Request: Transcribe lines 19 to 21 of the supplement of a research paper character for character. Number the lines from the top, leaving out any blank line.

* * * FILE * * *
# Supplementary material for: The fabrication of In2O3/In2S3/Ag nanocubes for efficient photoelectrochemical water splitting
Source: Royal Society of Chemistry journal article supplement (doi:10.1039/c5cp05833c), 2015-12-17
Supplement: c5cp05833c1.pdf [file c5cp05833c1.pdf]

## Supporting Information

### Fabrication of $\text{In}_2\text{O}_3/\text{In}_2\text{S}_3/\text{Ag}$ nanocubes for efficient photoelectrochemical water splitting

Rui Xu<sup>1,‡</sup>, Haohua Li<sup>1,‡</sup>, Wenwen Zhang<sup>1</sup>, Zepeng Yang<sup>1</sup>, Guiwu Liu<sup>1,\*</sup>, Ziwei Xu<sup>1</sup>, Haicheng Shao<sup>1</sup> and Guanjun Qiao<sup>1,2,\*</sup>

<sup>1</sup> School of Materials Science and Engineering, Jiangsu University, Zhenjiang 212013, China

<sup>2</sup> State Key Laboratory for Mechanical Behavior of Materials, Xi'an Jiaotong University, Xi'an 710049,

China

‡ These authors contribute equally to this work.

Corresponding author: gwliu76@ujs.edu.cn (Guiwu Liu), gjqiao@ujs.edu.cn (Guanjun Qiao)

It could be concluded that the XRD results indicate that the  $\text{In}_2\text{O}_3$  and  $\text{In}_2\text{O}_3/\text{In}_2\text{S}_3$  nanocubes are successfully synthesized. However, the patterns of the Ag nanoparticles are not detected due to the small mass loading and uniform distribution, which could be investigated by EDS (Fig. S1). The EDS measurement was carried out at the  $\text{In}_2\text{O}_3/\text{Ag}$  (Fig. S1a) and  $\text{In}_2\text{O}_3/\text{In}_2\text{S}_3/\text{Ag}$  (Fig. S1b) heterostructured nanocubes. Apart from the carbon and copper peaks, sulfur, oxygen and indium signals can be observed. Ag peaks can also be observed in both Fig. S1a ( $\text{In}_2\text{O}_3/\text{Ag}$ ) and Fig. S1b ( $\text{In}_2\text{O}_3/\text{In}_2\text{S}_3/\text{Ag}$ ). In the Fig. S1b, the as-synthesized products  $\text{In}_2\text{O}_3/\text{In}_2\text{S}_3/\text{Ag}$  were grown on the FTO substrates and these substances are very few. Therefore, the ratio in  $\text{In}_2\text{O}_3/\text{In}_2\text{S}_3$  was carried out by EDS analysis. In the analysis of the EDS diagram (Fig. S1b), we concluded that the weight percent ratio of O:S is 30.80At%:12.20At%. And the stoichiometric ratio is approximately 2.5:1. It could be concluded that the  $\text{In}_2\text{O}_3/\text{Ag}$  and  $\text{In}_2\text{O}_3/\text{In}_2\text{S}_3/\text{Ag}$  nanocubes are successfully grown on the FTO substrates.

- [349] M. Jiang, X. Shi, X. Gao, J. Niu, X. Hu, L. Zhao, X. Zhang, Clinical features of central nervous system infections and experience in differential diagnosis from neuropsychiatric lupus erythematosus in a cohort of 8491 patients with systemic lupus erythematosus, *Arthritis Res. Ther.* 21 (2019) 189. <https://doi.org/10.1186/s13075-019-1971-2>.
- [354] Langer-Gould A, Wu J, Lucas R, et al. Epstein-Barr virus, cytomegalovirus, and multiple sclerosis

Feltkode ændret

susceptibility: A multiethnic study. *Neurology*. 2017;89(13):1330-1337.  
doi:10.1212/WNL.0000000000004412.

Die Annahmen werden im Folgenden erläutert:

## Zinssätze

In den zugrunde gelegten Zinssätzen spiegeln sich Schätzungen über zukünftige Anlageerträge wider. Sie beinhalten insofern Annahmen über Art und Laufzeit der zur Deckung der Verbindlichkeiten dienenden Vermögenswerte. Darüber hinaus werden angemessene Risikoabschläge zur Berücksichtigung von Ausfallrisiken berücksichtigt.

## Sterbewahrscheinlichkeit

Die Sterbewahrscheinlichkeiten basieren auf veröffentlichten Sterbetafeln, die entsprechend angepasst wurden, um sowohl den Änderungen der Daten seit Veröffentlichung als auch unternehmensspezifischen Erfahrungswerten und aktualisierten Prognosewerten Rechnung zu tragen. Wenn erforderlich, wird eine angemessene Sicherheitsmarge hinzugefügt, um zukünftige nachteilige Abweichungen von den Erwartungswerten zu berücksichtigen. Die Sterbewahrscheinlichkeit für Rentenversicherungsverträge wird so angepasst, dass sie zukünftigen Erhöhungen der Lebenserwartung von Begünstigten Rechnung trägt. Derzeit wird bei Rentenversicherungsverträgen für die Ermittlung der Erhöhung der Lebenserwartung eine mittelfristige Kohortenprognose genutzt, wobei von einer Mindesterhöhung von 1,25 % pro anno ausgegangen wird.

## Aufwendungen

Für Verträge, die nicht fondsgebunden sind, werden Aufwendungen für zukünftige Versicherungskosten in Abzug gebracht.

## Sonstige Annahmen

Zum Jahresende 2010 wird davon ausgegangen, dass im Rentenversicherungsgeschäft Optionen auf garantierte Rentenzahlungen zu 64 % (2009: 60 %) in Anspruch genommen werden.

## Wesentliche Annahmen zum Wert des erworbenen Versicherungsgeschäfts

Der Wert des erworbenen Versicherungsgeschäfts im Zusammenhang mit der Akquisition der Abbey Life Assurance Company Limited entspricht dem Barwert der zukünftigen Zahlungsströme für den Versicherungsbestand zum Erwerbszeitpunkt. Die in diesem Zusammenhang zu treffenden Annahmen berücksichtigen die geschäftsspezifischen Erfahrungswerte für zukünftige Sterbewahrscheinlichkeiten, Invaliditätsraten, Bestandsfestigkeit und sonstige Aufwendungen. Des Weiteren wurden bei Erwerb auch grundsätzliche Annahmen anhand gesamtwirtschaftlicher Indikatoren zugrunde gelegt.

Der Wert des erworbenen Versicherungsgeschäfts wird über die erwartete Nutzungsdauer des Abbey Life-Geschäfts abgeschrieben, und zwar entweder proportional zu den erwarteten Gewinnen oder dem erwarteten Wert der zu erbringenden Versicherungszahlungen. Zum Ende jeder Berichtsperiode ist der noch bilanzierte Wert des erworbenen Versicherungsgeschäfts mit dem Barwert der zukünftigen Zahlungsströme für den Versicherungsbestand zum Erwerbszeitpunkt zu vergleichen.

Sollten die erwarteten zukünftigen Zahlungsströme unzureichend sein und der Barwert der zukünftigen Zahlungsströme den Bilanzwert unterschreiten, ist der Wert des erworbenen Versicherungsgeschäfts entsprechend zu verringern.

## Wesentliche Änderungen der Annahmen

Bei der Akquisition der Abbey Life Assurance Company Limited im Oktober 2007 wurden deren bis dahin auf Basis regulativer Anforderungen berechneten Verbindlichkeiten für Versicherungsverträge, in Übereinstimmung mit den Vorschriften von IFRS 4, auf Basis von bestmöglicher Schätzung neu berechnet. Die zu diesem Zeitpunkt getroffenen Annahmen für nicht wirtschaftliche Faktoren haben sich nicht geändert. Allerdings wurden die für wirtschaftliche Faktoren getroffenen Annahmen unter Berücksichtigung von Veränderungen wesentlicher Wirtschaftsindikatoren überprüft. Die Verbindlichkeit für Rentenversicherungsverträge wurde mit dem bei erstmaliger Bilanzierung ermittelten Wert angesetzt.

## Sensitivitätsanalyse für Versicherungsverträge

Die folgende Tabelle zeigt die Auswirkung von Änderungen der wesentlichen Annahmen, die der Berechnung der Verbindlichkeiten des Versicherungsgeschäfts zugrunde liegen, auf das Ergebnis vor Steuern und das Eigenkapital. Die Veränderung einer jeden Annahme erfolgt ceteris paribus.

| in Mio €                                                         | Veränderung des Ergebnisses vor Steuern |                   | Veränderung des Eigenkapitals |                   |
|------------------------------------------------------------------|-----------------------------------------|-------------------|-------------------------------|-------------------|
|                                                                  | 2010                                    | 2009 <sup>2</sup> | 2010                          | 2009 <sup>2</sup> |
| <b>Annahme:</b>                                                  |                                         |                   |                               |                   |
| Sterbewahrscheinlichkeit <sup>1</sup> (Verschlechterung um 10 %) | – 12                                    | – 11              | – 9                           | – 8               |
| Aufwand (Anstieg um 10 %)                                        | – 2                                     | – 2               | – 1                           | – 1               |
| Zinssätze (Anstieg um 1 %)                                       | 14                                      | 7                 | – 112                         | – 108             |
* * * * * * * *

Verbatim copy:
## Zinssätze

In den zugrunde gelegten Zinssätzen spiegeln sich Schätzungen über zukünftige Anlageerträge wider. Sie beinhalten insofern Annahmen über Art und Laufzeit der zur Deckung der Verbindlichkeiten dienenden Vermögenswerte. Darüber hinaus werden angemessene Risikoabschläge zur Berücksichtigung von Ausfallrisiken berücksichtigt.

## Sterbewahrscheinlichkeit